Do I hear cries of “So what?”
In the Comments that followed “Perry’s Picture Post – part 10”, Keith posted the following comment:
Roger, I'm enjoying your memoirs at Bear Alley hugely, not least because I've always wondered what I did actually miss by quitting Odhams Books for NZ's greener pastures. When the Hamlyn "rationalization" of IPC's book interests reared its ugly head circa 1966, I trembled at the thought of a daily commute to Feltham from Bishop's Stortford. Amazing that although I don't think I ever met you during those turbulent times, many of the situations, methods and people you describe so colourfully bring back old memories with renewed clarity. In this episode, we have the Heath Robinson-like Grant (often referred to as the epidiascope in offices where I worked) ... not to mention former colleagues like the quietly affable Brian Cullen, who had been George Beal's art editor during my time putting together annuals at Odhams above Covent Garden tube, and the calmly competent Tessa Bridger, who had looked after the romance and schoolgirls' picture libraries for Micron in Wallington and Mitcham while I had done similar for its war, western and detective series.I was particularly intrigued to learn that Keith had been an editor on Fleetway's annuals and had daily worked at offices only some 200-yards from 96 Long Acre.
For those who have read my ramblings before, you will probably be aware that 96 Long Acre was where Juvenile Publications (i.e. Eagle, Girl, Swift, Robin and Boys’ World) had gone to during November 1963 having been transferred from the Hulton House annex – their home for the previous two years. It was while there that I had got to know Brian Woodford rather better due to the fact that our offices were next door to each other.
I am ashamed to admit that I have said very little about Tessa, for although I knew her while I was employed at Hamlyn Books, my closer contact with the editorial section had been with Chris Spencer rather than Tessa. However, in 1974 – following Purnell Books' move to Berkshire House, Queen Street, Maidenhead – for reasons not explained to me, part of the first floor level where Purnell Books was based was also occupied by a sister company called International Book Publishers (IBP) – a packaging company headed by Mike Morris, where Tessa Bridger was employed as Chief Sub Editor.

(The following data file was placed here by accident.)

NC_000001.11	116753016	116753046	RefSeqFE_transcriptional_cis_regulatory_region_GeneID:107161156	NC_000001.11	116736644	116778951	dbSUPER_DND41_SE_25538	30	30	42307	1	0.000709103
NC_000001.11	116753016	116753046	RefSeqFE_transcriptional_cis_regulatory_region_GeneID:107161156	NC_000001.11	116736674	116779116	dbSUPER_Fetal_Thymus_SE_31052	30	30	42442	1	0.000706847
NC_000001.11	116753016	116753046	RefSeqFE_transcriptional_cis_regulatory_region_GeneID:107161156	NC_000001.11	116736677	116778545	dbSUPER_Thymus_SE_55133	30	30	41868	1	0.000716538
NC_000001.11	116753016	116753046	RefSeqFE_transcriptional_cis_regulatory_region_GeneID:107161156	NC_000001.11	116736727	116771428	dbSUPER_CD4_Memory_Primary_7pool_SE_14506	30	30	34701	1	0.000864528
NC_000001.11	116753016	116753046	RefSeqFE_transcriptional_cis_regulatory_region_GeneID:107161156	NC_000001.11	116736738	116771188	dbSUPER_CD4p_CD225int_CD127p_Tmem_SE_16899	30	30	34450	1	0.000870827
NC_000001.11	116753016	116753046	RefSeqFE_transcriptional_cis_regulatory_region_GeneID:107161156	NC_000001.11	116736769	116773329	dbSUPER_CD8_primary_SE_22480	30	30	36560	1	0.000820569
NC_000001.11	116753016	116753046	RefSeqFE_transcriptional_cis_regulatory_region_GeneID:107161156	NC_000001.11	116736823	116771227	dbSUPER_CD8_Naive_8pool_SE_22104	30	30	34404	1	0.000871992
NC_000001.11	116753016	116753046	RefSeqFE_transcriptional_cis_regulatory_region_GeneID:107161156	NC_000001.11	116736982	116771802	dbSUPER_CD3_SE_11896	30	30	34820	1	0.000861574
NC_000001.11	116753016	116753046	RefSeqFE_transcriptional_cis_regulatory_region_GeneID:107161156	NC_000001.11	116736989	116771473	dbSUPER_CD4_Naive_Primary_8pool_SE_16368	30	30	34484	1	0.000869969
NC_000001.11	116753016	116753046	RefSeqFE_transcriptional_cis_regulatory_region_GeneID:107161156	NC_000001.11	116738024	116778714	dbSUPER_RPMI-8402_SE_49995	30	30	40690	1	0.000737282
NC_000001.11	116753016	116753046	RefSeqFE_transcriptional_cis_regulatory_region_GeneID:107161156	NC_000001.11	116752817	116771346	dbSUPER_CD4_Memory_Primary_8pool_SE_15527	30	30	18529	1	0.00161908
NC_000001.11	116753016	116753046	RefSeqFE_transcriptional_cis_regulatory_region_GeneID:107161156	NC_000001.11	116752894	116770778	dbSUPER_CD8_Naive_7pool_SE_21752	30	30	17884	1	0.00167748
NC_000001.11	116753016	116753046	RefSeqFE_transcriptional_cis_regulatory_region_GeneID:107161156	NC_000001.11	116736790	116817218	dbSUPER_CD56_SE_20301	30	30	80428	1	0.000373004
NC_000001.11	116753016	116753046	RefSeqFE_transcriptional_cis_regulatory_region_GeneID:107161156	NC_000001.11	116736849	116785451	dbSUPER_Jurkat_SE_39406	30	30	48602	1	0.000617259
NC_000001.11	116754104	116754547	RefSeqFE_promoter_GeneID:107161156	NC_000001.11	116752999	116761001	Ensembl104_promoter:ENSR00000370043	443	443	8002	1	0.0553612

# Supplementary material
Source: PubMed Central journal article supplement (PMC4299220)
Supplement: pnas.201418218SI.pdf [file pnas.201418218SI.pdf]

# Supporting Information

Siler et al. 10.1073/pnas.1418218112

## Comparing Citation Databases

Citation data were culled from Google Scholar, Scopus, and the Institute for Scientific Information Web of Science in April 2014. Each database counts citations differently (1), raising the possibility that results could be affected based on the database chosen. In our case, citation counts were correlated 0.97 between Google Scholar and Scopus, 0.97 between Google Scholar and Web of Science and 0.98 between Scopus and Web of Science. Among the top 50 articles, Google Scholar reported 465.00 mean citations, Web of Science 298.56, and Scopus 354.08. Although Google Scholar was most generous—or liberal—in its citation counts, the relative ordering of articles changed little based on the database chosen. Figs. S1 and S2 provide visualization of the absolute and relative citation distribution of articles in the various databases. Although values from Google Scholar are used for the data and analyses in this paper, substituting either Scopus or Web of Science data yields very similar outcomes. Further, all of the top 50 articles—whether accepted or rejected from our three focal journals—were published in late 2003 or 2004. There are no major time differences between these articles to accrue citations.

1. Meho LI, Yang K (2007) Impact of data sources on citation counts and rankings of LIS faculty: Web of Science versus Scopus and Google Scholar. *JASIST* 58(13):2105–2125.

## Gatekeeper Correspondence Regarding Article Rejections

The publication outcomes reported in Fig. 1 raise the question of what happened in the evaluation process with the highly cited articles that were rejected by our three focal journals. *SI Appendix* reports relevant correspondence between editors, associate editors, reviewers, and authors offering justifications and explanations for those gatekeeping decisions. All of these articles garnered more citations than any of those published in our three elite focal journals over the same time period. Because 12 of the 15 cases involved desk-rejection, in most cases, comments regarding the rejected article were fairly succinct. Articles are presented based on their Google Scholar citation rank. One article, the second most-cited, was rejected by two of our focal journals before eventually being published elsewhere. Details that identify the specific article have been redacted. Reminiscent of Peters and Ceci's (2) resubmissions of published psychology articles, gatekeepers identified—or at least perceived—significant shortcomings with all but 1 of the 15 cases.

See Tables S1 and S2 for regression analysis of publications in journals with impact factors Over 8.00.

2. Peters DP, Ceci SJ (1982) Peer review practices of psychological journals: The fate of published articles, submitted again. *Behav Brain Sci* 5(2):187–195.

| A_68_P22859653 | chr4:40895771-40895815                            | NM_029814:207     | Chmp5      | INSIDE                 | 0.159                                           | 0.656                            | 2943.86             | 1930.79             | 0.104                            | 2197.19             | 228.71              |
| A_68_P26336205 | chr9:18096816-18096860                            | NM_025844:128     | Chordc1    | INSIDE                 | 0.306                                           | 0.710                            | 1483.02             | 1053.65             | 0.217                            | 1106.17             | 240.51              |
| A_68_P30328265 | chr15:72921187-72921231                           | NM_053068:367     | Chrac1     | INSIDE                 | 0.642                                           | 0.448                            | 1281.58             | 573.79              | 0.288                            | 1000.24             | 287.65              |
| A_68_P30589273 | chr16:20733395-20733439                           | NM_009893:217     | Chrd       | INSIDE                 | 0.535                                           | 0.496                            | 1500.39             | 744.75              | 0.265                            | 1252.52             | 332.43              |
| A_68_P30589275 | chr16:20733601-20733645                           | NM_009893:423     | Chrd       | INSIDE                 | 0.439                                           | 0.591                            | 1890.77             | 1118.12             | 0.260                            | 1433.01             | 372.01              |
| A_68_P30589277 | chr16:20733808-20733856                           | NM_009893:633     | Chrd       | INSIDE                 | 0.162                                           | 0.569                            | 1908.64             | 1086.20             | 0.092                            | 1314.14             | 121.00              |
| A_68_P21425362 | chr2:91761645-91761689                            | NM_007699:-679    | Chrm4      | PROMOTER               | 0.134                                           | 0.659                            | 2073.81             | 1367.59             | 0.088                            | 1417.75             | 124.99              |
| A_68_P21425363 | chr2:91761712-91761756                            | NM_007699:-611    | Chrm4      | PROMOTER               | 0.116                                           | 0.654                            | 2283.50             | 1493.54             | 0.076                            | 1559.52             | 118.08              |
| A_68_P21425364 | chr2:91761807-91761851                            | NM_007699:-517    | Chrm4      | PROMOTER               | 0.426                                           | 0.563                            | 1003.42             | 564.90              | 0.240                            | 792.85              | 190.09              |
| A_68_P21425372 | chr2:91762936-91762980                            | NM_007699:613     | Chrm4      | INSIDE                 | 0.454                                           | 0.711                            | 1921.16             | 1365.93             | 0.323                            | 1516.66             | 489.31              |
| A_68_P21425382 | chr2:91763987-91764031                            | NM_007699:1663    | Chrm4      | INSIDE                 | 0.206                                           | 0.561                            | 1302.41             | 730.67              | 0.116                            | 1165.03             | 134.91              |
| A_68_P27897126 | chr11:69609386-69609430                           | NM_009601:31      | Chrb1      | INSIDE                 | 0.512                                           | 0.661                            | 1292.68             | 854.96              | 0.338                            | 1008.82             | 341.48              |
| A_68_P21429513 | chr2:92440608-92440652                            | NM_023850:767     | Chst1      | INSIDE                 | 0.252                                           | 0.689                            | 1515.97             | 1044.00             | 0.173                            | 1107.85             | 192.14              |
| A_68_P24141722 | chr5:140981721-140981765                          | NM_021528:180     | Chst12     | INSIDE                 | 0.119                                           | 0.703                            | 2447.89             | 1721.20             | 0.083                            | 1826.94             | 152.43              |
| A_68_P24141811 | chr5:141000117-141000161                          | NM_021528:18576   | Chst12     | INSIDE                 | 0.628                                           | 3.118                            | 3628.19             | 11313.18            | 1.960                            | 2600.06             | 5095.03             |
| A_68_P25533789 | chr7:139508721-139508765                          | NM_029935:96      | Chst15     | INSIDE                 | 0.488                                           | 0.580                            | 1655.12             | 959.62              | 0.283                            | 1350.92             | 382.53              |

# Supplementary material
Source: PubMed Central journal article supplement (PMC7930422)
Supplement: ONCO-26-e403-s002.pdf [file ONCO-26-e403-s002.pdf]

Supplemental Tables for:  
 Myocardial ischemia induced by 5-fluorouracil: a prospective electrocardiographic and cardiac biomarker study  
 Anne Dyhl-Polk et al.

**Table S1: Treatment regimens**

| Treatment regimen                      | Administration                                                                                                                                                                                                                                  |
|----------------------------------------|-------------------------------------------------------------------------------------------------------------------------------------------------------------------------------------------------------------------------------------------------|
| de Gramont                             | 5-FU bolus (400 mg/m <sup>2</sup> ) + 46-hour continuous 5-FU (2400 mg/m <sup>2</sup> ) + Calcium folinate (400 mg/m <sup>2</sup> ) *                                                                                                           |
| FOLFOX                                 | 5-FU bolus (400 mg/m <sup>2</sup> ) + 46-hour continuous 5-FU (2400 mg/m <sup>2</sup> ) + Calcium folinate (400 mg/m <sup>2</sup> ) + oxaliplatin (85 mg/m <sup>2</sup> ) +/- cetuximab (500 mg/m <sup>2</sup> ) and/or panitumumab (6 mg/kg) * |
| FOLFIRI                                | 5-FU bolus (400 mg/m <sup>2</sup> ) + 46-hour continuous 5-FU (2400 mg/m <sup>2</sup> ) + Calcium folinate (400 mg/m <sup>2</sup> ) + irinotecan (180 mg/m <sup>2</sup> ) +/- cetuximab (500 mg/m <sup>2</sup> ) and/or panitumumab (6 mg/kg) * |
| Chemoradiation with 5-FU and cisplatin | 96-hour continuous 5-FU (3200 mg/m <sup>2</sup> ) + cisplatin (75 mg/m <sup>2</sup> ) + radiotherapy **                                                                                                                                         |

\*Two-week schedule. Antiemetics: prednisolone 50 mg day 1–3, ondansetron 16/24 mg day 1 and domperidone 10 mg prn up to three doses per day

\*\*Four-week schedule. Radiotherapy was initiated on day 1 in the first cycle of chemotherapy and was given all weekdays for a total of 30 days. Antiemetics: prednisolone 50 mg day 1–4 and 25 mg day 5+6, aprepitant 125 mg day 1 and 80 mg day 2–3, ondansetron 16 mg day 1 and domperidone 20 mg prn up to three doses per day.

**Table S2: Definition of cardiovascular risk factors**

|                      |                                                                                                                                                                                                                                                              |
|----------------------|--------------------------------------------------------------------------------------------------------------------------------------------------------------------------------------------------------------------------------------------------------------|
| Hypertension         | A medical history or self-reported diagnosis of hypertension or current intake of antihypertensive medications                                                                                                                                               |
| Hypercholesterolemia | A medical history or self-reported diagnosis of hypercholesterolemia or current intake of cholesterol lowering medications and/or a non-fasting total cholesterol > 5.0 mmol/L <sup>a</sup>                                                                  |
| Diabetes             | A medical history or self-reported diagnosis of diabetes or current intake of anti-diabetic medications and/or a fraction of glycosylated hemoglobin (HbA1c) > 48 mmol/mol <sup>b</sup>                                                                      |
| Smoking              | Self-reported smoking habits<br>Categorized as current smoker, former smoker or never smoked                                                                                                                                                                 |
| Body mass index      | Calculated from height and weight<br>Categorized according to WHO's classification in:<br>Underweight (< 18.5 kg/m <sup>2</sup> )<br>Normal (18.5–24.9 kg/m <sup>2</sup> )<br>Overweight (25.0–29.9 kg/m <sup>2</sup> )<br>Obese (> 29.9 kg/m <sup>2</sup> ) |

In 1978, Tessa took her leave of IBP and, having taken up residence in offices further up Queen Street, had begun her own packaging company whose name had something to do with cats. . . although the exact name escapes me at this present time (Feline?).
In part 17, I spoke of the Bologna Children’s Book Fair, but what I hadn’t explained was the fact that between 1976 and 1979 (inclusive), I had driven out to Bologna roughly one week before the fair was due to open so that I might prepare the pre-booked area in readiness for those staff who hoped to sell the foreign rights of our range of books from an individually-designed exhibition stand.
Prior to my driving out there in 1979, Tessa had made two requests – the first that I transport the books she wanted to exhibit and sell the rights to out there; and the second to take with me her gopher and assistant Andy (?) as an unpaid passenger– a likeable lad of about 20 who was several inches taller than me, wore thick-lensed John Lennon glasses and had bleached and permed his hair into a frizz that went every-which-way. He had also, to my horror, spent £400 on beer while holidaying on the Isle of Wight.